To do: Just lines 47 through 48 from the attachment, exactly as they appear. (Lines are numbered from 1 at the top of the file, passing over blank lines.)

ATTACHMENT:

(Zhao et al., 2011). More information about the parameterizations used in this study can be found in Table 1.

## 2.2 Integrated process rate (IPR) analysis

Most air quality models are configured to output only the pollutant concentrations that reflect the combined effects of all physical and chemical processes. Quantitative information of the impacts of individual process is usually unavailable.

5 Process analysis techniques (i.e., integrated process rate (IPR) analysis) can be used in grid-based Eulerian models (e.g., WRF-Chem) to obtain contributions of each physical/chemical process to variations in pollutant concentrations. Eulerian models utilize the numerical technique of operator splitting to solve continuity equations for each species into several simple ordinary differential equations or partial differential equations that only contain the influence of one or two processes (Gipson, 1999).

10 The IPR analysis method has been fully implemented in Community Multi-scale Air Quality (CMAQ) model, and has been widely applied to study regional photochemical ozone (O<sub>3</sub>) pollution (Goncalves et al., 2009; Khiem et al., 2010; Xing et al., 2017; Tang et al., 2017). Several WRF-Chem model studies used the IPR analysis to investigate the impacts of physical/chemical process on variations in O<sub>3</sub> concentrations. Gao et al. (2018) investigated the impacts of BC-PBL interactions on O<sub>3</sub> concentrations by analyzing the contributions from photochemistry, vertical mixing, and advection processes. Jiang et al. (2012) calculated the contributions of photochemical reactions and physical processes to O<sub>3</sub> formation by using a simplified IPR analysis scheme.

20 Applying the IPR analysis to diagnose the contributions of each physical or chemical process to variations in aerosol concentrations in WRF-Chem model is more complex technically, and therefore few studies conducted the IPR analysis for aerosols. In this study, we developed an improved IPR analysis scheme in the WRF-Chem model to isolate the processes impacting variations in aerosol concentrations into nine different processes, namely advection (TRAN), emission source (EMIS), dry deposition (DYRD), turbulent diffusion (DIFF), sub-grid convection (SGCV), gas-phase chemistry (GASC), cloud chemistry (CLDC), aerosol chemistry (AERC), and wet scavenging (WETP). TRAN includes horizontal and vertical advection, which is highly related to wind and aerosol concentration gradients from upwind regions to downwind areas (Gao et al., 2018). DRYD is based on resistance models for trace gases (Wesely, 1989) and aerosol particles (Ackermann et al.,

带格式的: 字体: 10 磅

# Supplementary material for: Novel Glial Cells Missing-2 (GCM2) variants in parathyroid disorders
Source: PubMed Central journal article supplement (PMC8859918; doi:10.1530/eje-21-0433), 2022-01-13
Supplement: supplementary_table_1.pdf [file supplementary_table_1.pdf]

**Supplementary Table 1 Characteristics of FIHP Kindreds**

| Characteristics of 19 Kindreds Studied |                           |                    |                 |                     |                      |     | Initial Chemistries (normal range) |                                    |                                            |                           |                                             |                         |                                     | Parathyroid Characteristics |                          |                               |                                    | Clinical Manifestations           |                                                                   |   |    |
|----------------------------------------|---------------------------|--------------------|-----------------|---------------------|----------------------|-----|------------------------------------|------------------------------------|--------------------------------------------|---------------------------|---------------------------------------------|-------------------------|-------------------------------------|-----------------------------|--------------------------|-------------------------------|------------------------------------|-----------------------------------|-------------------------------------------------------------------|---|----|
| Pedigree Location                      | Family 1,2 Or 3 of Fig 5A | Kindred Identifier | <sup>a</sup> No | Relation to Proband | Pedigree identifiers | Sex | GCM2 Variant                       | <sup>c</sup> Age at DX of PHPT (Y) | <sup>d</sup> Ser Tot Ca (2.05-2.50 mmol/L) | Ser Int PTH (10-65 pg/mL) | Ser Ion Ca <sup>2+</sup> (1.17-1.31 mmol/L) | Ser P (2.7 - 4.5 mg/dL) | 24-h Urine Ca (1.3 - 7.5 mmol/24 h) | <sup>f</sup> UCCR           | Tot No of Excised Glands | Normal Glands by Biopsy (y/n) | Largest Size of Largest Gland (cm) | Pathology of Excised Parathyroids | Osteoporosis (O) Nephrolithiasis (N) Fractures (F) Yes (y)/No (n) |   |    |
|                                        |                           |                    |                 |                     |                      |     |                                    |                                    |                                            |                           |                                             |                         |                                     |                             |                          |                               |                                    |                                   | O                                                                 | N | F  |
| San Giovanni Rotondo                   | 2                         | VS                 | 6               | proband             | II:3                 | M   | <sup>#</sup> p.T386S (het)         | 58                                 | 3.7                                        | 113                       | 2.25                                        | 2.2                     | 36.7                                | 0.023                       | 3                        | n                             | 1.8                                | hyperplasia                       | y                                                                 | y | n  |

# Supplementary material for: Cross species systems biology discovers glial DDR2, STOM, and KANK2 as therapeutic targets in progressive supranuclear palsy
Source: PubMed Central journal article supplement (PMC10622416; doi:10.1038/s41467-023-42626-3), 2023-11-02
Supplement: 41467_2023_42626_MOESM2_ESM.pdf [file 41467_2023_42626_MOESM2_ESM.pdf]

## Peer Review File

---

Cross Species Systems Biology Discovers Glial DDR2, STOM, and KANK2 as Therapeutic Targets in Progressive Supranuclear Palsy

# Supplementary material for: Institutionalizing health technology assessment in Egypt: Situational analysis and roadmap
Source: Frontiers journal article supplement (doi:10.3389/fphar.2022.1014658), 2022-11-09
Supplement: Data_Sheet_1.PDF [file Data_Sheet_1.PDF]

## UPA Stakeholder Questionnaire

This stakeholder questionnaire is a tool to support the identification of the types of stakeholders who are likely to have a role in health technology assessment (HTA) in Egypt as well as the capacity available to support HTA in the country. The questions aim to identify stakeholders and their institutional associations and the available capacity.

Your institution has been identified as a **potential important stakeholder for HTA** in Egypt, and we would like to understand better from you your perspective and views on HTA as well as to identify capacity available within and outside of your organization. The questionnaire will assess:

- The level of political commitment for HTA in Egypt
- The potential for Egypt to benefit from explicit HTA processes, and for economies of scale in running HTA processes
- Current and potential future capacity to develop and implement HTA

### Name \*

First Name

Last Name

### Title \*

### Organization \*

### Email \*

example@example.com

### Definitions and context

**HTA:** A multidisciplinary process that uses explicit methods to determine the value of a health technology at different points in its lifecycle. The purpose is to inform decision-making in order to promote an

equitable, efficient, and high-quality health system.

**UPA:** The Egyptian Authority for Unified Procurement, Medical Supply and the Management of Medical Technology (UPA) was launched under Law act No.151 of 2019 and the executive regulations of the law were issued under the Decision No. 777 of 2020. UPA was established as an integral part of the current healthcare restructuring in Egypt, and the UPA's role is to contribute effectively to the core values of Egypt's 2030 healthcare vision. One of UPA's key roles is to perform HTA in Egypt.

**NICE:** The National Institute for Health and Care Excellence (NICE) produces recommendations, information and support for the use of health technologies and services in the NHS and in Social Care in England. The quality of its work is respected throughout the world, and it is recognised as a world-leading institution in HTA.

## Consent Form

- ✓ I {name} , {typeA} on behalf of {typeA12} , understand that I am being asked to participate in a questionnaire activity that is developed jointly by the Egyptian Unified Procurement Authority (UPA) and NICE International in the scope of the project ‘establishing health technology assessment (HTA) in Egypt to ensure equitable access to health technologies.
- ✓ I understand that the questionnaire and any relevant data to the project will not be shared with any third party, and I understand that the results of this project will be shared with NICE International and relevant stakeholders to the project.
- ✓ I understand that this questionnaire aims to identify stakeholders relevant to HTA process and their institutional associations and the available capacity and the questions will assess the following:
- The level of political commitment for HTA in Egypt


- ✓ I understand that this questionnaire aims to identify stakeholders relevant to HTA process and their institutional associations and the available capacity and the questions will assess the following:
- The level of political commitment for HTA in Egypt